People are always asking Violetta and I how we do this co-writing thing, so I've decided to do a series of blog posts discussing the ins-and-outs of our method. First on the docket, how to get along with the person you're about to split your royalties with.
Even if you're writing with a very good friend (like I am), being successful at co-writing means acknowledging that you are entering a professional relationship with one another. Have you ever been roommates with a friend? You have this picture in your head of the two of you baking cookies together and having America's Next Top Model marathons in your underwear (okay maybe just me), and then suddenly she's eating the food you bought or leaving hair in the shower drain or bringing over her drunk friends when you've got an essay due the next day and... you've got to somehow enforce your boundaries while maintaining your personal relationship. You don't want to be that person that just rolls over and lets their friends take advantage of them, and you don't want to risk your friendship by being too strict about your living rules...
Co-writing is a professional venture. You will have artistic and financial disagreements, and sometimes these will prove to be a strain on your personal relationship with the other person. Plan for it. Before you write a single word together, talk together about what your expectations for your co-writing relationship are. Talk about the money, but also talk about how you want to handle creative disagreements (and you will have them, so don't kid yourself). Talk about how you're going to deal with professional disputes in a way that doesn't hurt your friendship. Talk about boundaries. Talk about how you'll make business decisions. Write a contract. Most of all, be prepared to work around the fact that even if you are BFFs who finish each other's sentences, when you stretch the definition of your friendship (like living together!), there's going to be some conflict. Be ready for it.
2. On Wednesdays, we wear pink!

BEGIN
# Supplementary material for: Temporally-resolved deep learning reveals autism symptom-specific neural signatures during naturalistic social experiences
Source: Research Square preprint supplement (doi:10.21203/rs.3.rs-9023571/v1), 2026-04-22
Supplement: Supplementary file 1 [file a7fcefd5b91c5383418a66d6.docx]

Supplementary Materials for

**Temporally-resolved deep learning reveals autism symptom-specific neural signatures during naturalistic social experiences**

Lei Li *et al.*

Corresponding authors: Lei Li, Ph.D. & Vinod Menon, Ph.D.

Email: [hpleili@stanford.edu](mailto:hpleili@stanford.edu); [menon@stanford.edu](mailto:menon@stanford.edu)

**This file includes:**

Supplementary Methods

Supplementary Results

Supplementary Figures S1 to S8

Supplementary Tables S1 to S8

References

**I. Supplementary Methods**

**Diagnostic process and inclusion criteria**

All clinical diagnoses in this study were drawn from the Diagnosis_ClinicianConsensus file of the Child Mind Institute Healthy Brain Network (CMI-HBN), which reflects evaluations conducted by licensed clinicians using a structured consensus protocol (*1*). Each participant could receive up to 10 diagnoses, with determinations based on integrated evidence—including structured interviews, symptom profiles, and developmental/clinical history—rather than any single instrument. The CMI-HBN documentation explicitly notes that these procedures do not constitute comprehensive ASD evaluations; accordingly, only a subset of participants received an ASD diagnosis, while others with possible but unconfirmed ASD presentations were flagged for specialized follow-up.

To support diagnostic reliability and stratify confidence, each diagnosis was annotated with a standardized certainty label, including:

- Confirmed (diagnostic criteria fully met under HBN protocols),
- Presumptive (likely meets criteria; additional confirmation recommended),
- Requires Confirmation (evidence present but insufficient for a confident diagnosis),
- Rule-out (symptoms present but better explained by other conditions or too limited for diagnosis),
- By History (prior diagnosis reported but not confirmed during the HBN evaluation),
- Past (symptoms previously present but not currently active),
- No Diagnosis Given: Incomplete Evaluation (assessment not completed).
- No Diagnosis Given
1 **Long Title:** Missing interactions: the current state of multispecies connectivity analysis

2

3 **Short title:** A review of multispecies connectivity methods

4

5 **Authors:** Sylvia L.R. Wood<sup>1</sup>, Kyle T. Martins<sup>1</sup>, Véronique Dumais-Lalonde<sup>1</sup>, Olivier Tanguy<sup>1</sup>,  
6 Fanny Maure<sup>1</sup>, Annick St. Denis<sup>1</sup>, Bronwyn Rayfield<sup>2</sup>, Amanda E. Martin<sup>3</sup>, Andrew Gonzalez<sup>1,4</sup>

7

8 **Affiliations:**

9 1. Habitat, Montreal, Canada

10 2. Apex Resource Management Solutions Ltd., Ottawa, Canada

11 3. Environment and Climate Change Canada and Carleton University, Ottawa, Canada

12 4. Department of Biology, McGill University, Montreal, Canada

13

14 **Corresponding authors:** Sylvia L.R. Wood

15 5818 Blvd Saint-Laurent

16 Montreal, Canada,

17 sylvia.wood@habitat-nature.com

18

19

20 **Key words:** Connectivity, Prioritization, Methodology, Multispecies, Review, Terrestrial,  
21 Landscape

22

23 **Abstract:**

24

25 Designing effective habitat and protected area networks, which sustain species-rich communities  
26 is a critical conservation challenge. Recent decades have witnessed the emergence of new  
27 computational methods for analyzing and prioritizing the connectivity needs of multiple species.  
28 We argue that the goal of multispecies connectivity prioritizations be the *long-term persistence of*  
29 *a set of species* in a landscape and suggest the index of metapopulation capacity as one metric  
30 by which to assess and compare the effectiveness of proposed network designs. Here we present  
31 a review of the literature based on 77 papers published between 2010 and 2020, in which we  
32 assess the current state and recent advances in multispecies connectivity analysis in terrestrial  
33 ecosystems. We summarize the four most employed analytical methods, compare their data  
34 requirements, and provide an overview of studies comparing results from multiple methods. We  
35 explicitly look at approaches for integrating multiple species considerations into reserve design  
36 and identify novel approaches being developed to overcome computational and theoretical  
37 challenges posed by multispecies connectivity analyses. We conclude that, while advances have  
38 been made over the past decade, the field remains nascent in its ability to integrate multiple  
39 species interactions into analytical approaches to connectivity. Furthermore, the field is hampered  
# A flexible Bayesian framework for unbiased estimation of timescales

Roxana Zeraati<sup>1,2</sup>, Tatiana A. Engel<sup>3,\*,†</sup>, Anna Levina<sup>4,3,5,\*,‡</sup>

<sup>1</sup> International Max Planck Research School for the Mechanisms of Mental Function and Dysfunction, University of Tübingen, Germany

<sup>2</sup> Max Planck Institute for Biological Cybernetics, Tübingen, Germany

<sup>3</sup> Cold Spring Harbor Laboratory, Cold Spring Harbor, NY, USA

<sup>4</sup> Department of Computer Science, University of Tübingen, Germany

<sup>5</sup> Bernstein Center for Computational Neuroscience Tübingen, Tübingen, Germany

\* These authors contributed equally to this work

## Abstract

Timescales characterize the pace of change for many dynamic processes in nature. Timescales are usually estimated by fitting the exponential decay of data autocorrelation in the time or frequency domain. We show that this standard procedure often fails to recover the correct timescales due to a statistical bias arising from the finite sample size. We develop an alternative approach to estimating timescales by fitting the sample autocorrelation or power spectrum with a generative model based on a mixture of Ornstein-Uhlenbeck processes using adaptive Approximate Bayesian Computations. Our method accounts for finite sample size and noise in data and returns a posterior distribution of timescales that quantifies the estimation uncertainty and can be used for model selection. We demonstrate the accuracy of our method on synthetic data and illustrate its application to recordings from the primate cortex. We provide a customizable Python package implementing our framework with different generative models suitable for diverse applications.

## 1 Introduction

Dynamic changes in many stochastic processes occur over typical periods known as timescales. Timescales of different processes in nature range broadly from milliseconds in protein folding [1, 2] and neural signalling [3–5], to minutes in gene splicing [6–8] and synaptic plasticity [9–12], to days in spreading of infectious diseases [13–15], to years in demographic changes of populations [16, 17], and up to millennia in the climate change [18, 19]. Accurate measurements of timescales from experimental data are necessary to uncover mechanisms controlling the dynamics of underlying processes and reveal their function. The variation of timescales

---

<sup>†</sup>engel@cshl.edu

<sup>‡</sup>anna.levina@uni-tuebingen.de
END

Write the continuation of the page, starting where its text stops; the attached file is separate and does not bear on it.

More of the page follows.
Violetta Vane and I are both full-time moms, and when we wrote our first book, we were both working day jobs as well. Every Sunday, I go to my mother's for a family dinner. On Tuesdays, she volunteer teaches. Thursday night is my husband and I's date night. She's two hours ahead of me timezone-wise, so she goes to bed two hours earlier. Her son's sick. My daughter's teething. And so on, and so on, and so on. The long and short of it is, when you're co-writing, you suddenly have two people's "real lives" getting in the way of your writing time.
When a deadline's looming (like it is for us right now... several of them!), this can be very stressful, but it can also be dangerous when there is no deadline, because there's no urgent motivator forcing you to make time for your writing. And every writer knows how unproductive you can be when you get that "eh, it can wait" attitude about writing. Schedule time for writing together. Set goals. Share a calendar with pertinent deadlines. When we're super busy, this can be as little as "separately write 100 words each a day", but it can also take the form of "barring child-vomit emergencies, Saturday is a day for editing and nothing else" or "Monday, Wednesday, and Friday from 6pm-8pm we will both log on and write". We keep a calendar that lists our deadlines, our wordcount goals, our real-life commitments, and schedules in time specifically to simultaneously write. When you have two people and their families and their jobs to wrangle, a little organization goes a long way.
3. You are not a beautiful and unique snowflake
I'm an author too. I know about our tendency to get a little bit... difficult as artistes. When you're co-writing, there often isn't room for that desperate clinging to your artistic vision. The reality is, sometimes you won't see eye-to-eye on something, and sometimes you're going to have to compromise on something you would have originally kept had you been writing on your own. For Violetta, I once poo-pooed a car chase scene she was itching to write. She didn't want to write a captor/captive narrative for Riptide's Roman Warriors call. Sometimes something that you are super in love with, your co-author just can't get behind, and at those times you have to relinquish control a little.